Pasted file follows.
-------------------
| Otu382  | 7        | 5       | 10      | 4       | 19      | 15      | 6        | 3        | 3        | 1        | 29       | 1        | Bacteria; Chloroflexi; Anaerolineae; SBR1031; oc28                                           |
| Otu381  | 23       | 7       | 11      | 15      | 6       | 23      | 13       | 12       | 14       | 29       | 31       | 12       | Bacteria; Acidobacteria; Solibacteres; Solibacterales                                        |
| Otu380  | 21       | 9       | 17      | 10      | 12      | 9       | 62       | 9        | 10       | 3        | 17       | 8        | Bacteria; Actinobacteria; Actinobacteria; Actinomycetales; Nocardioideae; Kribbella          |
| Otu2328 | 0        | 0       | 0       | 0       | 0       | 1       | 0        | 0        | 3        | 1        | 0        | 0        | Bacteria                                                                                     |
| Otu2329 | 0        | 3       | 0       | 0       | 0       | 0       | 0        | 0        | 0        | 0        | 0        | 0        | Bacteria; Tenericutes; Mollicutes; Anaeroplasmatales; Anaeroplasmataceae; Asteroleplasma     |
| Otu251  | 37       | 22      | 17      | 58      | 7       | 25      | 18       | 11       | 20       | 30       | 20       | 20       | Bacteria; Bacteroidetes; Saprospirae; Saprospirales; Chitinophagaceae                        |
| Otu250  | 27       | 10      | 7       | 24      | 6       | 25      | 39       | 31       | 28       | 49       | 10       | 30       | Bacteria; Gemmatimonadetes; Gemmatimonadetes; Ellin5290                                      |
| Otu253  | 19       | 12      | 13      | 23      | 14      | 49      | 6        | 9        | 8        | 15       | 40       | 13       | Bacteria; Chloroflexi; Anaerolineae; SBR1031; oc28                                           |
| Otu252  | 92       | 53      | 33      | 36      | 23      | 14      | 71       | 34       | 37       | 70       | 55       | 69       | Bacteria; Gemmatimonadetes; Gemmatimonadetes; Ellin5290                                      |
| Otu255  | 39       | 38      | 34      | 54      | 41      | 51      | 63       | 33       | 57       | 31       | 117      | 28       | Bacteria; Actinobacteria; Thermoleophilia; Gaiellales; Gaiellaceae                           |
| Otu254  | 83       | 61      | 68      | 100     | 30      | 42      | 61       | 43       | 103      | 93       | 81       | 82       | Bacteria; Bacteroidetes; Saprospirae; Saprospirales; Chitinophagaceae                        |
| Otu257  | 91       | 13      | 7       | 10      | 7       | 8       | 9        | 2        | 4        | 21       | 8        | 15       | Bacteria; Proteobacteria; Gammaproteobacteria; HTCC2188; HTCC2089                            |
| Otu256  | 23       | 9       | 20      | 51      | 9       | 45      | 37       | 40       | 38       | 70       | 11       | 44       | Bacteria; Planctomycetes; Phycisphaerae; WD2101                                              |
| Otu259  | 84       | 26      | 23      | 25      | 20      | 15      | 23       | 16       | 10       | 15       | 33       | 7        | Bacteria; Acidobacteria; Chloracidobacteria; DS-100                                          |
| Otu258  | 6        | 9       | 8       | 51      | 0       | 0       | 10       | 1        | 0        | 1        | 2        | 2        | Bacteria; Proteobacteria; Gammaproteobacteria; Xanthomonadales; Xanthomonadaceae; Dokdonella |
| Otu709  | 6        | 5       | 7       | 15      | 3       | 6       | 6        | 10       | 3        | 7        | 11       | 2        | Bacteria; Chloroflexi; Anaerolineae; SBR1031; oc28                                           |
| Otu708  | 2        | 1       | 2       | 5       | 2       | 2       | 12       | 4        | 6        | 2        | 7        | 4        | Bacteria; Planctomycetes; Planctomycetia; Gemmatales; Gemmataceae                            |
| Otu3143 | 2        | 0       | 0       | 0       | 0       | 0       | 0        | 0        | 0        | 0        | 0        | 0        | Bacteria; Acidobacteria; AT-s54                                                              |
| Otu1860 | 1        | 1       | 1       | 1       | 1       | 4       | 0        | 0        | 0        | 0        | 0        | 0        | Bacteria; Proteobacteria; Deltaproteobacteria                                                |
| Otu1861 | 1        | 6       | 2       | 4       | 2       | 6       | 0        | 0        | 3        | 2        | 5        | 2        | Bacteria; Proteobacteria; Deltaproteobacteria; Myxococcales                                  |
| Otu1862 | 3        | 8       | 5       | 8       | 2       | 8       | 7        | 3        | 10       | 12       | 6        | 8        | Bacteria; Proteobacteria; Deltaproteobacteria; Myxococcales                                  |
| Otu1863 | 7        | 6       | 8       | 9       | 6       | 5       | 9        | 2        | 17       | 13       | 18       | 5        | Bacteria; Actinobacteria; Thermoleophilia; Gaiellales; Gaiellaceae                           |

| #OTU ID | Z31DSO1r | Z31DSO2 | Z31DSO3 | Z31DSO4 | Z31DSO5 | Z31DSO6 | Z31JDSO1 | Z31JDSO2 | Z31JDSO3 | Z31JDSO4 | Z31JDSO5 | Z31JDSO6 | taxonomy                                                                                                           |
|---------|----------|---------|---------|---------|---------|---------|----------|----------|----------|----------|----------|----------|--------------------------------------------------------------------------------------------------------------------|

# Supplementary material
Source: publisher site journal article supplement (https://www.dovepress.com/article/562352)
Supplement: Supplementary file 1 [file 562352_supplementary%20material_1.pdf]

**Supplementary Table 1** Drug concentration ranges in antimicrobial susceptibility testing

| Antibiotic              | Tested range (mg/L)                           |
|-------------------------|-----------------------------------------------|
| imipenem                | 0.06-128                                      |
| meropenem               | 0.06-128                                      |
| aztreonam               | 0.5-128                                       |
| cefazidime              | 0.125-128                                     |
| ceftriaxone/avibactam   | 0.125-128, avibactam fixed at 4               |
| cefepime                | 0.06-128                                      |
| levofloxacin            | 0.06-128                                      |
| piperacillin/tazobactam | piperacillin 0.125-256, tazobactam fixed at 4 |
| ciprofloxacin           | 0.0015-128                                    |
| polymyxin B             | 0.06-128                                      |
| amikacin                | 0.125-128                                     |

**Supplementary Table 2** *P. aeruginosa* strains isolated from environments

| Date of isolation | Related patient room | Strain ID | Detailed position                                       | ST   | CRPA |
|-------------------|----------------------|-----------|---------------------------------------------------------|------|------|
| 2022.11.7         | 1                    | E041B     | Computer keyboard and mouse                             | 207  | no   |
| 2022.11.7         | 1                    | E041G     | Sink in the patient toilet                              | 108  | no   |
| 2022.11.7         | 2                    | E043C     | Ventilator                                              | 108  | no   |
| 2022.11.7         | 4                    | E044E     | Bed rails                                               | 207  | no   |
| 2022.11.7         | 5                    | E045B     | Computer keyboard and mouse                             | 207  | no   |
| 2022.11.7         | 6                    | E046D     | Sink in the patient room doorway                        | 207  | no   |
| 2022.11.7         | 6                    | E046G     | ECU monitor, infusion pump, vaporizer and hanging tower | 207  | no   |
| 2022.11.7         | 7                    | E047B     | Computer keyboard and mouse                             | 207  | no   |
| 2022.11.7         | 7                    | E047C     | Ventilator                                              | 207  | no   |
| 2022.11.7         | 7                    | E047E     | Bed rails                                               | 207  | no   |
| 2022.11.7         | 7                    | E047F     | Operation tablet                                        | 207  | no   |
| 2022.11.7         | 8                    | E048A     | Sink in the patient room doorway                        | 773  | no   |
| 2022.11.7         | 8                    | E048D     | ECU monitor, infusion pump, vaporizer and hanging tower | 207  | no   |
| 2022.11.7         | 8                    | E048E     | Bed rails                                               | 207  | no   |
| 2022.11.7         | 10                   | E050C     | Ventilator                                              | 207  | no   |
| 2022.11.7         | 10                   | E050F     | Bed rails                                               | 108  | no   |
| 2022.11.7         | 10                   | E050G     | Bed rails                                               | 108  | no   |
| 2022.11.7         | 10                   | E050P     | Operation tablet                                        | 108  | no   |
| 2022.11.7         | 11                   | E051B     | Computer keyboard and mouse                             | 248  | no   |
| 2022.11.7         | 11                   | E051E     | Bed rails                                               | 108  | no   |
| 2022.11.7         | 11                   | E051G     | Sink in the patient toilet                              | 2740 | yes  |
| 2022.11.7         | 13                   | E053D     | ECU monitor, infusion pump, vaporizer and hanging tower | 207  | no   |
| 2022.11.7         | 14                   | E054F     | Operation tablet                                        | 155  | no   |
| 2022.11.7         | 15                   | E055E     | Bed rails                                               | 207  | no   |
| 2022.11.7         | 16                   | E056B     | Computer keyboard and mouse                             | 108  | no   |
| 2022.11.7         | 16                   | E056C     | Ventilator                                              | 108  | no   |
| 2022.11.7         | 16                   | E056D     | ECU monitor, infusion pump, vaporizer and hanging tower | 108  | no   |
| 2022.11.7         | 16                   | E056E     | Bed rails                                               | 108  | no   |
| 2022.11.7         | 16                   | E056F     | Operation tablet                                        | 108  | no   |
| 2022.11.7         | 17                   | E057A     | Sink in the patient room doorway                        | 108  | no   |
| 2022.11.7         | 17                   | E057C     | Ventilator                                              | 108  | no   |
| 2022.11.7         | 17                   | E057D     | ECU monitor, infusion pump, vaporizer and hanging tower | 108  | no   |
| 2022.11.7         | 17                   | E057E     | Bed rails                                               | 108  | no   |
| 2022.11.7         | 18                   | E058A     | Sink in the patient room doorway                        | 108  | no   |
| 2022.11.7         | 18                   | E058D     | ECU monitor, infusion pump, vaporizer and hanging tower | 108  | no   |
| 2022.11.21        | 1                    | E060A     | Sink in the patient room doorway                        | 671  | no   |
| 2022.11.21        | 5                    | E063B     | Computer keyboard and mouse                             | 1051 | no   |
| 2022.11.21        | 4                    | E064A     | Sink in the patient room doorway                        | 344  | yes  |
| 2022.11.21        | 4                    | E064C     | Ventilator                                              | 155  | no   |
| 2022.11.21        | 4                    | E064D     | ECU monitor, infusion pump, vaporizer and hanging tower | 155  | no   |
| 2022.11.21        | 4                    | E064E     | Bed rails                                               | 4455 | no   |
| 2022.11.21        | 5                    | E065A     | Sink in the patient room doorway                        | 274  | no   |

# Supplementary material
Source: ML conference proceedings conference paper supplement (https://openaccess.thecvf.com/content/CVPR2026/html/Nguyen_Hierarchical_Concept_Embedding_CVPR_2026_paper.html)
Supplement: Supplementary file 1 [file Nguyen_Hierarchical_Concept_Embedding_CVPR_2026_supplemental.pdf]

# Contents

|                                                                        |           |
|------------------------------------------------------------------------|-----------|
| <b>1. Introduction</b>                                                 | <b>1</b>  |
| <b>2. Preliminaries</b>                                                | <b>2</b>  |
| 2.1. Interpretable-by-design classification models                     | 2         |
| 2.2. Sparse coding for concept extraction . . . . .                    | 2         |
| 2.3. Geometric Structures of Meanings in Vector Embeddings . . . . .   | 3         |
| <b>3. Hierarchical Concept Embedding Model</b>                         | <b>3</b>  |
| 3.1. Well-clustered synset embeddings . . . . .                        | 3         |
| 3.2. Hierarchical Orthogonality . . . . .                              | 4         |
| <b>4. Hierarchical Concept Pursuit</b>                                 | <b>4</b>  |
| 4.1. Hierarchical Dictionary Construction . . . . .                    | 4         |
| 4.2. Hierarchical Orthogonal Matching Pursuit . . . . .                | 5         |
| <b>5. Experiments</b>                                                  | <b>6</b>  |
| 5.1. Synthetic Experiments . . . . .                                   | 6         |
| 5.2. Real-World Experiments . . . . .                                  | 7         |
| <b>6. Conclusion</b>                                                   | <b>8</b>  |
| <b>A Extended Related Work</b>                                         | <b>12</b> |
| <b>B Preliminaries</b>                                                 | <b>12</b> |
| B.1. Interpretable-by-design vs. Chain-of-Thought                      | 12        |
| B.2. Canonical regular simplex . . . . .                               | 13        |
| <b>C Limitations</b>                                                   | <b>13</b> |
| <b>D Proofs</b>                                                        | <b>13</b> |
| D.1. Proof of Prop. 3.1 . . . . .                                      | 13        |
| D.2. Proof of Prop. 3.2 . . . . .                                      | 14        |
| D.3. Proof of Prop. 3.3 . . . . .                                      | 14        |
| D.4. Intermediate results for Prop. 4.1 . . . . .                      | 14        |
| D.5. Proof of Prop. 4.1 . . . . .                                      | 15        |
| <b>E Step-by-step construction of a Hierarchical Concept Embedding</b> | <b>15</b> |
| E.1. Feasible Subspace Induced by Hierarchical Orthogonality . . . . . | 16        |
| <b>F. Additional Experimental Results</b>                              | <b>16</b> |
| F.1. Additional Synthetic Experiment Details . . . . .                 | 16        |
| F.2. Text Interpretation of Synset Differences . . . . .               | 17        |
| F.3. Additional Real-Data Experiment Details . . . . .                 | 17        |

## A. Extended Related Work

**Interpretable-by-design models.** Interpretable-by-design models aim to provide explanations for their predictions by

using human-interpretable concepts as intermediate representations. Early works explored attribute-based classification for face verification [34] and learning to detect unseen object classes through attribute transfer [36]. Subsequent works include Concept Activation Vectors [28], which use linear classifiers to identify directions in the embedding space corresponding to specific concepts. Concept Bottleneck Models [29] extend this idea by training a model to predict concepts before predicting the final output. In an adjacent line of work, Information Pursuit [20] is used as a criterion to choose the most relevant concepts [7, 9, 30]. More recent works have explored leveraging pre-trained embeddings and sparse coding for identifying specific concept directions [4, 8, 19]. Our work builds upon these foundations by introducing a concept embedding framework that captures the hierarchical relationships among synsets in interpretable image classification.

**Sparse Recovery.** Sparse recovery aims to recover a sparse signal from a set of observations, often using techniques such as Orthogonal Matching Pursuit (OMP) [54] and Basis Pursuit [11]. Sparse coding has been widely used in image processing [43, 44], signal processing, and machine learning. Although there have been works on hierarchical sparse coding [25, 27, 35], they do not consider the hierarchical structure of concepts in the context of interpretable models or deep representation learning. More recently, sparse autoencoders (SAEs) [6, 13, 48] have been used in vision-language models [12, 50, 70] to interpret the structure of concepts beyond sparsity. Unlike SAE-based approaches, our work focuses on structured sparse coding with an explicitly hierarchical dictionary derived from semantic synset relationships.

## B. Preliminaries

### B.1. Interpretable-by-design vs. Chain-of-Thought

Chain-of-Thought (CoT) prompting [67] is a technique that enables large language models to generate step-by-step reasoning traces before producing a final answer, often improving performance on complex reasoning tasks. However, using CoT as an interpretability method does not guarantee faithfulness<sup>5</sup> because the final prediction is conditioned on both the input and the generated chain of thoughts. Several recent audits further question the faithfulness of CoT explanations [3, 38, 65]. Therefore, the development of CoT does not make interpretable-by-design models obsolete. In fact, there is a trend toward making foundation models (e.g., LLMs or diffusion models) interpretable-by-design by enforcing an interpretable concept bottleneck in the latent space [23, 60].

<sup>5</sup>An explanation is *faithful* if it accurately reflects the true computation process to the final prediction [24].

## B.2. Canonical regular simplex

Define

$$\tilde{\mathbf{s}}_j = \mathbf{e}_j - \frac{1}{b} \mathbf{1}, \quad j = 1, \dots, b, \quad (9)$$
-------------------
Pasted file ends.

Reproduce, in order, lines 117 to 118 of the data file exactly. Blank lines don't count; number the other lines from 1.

| D.4. Intermediate results for Prop. 4.1 . . . . .                      | 14        |
| D.5. Proof of Prop. 4.1 . . . . .                                      | 15        |